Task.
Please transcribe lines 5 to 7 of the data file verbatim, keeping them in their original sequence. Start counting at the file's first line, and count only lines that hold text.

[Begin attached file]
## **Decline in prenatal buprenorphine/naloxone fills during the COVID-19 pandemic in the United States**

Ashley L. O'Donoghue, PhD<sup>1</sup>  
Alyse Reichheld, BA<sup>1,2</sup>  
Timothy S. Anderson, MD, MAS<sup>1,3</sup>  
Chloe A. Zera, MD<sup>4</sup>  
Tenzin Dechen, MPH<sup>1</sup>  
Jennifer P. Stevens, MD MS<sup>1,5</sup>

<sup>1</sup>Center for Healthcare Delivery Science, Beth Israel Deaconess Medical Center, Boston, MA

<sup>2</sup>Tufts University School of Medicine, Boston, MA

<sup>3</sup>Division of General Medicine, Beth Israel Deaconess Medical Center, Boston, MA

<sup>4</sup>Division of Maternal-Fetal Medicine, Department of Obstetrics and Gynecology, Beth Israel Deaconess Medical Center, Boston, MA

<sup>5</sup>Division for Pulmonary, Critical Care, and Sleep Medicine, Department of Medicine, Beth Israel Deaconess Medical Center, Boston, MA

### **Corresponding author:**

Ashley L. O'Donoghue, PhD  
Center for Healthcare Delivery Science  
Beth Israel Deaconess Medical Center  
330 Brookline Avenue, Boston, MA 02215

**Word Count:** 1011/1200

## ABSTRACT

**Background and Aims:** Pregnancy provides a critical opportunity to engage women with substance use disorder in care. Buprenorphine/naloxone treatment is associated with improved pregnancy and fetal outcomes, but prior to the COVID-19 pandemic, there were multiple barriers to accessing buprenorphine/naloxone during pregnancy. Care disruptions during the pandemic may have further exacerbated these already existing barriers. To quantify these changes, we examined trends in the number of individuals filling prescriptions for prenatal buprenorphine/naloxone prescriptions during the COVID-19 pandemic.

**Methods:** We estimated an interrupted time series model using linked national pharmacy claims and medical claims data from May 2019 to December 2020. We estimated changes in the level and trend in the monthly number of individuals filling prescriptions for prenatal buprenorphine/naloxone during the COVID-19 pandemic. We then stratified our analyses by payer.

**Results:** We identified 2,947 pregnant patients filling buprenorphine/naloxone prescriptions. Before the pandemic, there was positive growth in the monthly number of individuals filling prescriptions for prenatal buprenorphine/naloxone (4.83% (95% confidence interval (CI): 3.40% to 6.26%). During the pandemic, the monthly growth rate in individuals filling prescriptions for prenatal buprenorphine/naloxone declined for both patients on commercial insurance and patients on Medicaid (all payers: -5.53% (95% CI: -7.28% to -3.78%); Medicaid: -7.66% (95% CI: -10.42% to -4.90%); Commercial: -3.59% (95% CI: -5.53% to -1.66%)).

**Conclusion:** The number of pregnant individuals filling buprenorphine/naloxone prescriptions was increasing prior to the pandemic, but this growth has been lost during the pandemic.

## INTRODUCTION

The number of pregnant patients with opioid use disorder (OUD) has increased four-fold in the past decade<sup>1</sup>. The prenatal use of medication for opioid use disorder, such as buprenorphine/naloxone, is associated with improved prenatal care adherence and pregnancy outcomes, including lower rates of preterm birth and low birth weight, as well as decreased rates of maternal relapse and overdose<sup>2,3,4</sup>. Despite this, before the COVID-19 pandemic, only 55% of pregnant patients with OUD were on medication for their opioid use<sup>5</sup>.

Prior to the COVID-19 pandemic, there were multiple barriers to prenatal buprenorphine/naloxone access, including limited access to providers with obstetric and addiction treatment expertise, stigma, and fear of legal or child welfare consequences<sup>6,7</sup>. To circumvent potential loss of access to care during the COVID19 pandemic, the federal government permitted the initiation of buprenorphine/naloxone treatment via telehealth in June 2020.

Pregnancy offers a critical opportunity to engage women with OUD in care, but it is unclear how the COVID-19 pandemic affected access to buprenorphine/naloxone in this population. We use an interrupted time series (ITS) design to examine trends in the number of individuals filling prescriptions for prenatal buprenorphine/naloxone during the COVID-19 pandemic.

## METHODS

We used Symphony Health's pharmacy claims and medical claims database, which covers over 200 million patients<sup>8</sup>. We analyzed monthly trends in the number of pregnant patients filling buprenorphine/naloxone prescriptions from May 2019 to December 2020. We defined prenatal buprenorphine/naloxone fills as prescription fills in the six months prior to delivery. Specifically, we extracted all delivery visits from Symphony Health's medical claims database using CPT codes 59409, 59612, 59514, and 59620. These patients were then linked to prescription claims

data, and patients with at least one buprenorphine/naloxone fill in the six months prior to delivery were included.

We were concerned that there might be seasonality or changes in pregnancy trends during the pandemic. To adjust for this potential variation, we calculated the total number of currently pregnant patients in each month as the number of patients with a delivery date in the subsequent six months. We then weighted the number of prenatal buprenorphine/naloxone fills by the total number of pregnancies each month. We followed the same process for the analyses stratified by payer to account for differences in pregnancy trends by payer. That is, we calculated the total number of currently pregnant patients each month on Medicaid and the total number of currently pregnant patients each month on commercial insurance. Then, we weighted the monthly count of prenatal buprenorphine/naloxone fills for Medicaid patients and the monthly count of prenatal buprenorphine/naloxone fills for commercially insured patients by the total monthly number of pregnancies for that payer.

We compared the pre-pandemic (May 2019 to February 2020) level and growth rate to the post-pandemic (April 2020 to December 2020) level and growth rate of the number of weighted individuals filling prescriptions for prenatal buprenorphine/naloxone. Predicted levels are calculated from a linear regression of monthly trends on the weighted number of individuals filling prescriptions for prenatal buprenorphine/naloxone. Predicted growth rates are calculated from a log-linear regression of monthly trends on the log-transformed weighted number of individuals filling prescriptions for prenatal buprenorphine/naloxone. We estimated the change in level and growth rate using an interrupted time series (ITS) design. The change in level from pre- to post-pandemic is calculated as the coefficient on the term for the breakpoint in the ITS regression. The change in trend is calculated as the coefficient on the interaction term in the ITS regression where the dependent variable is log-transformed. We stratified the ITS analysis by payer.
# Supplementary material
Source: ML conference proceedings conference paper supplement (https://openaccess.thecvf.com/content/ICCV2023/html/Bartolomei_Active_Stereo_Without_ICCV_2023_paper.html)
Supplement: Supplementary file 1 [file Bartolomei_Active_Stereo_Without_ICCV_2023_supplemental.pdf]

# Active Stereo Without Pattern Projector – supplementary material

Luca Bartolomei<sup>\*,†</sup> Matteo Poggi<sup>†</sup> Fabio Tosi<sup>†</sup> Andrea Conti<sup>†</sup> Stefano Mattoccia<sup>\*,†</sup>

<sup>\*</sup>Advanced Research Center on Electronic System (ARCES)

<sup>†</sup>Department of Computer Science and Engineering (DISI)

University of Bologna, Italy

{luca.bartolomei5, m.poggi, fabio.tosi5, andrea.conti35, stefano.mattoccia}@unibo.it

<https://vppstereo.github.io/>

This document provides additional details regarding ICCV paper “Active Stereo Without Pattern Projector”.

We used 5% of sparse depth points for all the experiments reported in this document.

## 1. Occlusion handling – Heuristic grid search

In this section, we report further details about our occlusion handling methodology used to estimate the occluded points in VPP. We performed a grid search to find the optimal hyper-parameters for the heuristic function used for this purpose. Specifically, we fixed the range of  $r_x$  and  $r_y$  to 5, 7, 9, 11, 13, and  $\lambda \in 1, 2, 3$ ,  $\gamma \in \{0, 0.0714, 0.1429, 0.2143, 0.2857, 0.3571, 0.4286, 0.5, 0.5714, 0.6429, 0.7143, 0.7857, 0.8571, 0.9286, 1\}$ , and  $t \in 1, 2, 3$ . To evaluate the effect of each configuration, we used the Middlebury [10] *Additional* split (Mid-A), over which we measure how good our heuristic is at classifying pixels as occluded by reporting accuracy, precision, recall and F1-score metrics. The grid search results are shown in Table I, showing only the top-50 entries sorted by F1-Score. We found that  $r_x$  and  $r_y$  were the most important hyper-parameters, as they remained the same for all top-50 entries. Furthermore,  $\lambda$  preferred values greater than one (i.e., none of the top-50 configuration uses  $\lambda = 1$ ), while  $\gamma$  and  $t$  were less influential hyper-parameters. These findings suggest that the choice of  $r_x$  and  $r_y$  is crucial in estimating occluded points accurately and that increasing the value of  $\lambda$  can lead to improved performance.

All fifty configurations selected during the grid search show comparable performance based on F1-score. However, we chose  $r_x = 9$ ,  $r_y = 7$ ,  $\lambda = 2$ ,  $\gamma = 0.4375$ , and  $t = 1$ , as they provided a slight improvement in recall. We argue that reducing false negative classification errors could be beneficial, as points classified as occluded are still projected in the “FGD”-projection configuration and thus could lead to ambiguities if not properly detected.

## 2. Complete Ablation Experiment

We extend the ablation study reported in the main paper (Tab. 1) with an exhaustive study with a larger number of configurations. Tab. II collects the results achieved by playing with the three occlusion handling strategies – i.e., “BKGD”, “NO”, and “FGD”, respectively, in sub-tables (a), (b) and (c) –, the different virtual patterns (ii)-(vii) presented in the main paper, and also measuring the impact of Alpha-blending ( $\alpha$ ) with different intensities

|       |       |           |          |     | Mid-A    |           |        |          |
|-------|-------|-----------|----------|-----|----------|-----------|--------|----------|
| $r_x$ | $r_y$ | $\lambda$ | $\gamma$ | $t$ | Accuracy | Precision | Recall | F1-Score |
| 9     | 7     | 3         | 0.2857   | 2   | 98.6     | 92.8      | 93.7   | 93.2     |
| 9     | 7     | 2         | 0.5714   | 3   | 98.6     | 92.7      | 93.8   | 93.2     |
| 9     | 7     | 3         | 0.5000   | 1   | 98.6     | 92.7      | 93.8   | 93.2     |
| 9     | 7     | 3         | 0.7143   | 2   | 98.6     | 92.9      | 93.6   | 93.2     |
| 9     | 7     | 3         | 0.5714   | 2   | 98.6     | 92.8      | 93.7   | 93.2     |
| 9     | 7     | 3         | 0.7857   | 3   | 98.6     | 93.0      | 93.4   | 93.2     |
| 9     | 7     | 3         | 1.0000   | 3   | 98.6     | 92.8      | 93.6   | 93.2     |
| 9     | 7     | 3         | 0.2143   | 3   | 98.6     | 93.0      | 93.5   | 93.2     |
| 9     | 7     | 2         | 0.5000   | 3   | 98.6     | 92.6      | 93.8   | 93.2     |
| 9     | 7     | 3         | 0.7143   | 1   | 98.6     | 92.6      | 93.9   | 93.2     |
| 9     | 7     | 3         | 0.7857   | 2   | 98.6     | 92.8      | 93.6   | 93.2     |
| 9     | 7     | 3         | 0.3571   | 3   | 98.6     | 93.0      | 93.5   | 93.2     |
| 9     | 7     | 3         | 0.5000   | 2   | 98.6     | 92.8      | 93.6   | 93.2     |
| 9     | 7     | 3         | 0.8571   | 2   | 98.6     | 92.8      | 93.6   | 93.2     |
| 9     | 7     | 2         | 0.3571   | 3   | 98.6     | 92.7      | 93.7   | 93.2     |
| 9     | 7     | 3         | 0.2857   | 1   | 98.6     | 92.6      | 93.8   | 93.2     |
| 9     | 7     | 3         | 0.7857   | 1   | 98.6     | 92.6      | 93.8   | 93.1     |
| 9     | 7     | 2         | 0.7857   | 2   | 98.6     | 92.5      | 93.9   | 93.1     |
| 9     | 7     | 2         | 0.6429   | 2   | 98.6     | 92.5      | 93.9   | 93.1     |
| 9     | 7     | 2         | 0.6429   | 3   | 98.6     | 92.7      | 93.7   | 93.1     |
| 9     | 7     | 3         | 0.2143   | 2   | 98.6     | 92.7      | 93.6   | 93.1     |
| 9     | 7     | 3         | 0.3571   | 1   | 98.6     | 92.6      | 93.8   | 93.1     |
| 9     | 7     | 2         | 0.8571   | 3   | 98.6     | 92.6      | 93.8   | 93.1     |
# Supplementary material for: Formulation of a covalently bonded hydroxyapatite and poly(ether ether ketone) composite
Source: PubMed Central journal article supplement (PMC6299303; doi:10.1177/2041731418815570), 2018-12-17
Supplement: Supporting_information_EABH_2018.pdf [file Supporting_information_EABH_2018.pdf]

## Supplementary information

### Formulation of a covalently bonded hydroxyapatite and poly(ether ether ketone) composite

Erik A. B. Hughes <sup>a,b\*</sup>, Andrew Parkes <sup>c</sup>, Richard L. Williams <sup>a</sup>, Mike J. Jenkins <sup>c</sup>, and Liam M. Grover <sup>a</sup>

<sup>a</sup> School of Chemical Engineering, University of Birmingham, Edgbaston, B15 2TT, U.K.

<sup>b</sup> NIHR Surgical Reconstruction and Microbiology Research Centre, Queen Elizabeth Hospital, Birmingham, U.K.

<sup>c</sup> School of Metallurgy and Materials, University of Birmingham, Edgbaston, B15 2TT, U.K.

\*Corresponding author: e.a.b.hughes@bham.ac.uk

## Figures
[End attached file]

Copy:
Chloe A. Zera, MD<sup>4</sup>  
Tenzin Dechen, MPH<sup>1</sup>  
Jennifer P. Stevens, MD MS<sup>1,5</sup>